Company Unveils $200 Computer Aimed at Kids
NEW YORK (AP) _ An electronics company unveiled a $200 computer Wednesday aimed at what it says are the millions of households that have resisted buying a home computer because of the price.
The machine, called the IQ Unlimited, uses an ordinary television set as the computer screen, accounting in part for its low cost.
Though aimed at children, the computer contains built-in software such as a spreadsheet and database more appropriate for older users.
Among its 10 other built-in programs are games, a word processing program with a spell-checker, a calculator and a drawing program.
The computer’s maker, Video Technology Industries Inc. of Wheeling, Ill., is a subsidiary of a Hong Kong company. The computer, which won’t be in stores until August, is made in Hong Kong and China.
Video Technology says the machine is designed for families that cannot afford to buy the typical home computer, which starts at about $750.
″Clearly, the home PC market is a huge, untapped opportunity,″ said Rick Mazursky, executive vice president of Video Technologies, which also makes consumer electronics and electronic learning aids.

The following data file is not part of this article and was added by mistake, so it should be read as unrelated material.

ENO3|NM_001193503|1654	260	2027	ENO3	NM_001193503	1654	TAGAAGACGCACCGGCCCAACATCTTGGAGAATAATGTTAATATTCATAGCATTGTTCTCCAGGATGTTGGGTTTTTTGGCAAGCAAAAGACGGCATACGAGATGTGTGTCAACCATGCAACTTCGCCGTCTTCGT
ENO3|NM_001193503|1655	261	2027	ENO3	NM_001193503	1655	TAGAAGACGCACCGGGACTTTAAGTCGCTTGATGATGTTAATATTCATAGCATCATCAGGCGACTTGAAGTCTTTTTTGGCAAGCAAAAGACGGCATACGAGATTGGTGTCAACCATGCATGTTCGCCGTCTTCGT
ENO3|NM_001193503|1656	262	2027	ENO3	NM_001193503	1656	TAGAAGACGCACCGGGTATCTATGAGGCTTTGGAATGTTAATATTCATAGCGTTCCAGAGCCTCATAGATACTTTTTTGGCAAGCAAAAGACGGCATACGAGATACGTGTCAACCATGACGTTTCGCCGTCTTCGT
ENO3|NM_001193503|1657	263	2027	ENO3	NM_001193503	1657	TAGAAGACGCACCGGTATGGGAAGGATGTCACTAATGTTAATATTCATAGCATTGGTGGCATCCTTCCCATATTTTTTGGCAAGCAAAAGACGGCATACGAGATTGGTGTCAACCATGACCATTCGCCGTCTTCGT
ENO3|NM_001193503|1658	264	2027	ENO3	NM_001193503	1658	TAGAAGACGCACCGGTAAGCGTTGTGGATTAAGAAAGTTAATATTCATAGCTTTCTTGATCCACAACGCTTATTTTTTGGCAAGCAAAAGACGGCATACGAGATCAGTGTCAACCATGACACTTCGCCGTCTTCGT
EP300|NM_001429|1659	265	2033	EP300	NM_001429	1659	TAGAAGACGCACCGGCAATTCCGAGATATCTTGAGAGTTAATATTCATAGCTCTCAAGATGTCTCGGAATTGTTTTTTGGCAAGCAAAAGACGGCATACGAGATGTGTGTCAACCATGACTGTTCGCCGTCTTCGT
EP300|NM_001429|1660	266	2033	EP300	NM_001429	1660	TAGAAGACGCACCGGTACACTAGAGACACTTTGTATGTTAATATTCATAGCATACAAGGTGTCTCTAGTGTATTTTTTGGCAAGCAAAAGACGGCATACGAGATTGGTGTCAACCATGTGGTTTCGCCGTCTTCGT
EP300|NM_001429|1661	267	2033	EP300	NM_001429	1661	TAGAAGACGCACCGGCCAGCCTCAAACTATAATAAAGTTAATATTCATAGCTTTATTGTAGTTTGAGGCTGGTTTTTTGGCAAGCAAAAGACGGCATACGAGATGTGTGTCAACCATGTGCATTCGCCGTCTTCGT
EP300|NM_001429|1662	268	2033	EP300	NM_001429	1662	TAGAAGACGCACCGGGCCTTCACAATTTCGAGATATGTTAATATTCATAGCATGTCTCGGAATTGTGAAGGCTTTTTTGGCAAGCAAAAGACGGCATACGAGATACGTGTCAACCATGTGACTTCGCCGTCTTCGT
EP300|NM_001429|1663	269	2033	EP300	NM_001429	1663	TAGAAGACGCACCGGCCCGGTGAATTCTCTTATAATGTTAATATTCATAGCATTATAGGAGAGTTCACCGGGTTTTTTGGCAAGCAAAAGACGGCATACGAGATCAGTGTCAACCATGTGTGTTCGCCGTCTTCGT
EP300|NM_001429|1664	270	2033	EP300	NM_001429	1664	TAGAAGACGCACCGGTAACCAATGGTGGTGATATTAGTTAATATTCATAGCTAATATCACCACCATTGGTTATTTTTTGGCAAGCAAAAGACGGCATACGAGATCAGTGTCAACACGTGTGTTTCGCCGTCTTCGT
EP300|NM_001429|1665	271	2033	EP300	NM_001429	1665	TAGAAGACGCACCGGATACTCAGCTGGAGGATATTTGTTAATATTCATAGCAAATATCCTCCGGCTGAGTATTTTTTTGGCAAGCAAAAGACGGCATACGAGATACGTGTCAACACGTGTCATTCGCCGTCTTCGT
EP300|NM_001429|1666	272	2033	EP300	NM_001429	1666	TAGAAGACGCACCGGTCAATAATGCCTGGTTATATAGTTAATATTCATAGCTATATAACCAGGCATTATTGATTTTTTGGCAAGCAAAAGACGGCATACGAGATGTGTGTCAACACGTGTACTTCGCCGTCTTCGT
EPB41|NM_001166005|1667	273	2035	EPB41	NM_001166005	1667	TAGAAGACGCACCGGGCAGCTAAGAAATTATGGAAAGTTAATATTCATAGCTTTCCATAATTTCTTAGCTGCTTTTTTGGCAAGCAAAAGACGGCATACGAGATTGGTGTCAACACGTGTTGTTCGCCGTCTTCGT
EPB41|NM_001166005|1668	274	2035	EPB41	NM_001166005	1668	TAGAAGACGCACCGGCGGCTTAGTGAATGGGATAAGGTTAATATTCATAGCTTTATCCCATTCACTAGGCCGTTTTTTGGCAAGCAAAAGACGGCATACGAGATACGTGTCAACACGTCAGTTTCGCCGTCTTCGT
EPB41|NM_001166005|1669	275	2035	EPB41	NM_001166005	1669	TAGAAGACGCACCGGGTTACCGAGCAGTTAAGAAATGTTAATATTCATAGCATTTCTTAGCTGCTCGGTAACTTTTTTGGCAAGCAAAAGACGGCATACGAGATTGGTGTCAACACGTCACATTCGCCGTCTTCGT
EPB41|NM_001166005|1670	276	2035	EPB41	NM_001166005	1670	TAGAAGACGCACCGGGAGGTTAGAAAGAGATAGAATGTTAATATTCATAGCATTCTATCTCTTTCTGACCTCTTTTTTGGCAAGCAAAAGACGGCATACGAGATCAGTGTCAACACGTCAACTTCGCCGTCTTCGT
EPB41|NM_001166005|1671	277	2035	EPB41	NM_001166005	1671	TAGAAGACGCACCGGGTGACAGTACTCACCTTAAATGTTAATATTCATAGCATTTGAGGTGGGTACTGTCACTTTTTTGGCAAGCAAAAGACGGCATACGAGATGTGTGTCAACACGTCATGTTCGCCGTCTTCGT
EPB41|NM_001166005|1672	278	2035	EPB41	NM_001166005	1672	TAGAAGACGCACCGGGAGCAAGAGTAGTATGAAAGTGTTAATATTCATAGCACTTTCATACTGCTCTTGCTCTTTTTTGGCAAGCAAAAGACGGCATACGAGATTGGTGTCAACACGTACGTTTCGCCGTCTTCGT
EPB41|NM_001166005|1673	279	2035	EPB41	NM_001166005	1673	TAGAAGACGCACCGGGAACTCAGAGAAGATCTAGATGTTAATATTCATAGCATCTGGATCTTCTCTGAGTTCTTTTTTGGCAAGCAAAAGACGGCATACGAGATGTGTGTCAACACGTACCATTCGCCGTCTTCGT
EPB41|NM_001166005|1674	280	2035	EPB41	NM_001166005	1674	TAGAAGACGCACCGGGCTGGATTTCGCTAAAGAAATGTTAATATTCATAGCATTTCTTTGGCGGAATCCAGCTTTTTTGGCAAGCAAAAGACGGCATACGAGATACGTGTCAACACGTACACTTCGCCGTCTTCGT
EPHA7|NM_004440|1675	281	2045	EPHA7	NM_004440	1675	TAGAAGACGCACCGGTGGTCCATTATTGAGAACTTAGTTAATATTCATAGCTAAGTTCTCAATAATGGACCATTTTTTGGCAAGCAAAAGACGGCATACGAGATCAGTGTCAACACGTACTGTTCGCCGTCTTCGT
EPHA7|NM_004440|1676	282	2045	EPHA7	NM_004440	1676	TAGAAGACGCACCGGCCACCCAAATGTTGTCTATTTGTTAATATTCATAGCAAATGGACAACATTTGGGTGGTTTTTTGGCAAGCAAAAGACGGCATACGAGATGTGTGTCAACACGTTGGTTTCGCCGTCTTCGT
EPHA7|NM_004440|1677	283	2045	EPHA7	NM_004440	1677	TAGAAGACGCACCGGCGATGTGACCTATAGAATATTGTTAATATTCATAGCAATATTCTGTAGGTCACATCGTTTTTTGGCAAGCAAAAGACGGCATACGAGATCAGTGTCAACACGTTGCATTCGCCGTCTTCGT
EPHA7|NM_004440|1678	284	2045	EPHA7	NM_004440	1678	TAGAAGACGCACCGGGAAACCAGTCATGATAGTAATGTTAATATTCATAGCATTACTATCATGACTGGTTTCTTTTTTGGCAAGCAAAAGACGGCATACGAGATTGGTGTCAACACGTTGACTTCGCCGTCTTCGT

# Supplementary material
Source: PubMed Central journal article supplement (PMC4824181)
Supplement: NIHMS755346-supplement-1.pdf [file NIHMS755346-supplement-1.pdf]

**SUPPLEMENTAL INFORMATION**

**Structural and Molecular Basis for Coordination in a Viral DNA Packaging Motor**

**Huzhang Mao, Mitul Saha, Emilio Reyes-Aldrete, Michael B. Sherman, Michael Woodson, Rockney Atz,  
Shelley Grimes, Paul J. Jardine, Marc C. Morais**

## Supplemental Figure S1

The IQ Unlimited computer runs on 4 C-size batteries or a wall socket adaptor. It can be connected to most Epson printers or the IQ Unlimited printer, which will be sold separately, the company said.
The computer uses a Z80 microprocessor, an older type that used to be used in many personal computers. A microprocessor acts as the ″brains″ of personal computers.
The IQ Unlimited contains 128 kilobytes of memory, which is tiny by modern computer standards. The base model of IBM’s PS-1 home computer line, for example, contains 512 kilobytes of memory, but it lists for $999.
The amount of memory determines the degree of complexity of the software a computer can use. But that may be of little concern with the IQ Unlimited since a user cannot add additional programs to it, unlike other home computers.
Also, because the IQ Unlimited model uses a TV as a monitor, its resolution is not as sharp as that on specially designed computer monitors.
The computer will be sold in toy stores and mass-market retail chains.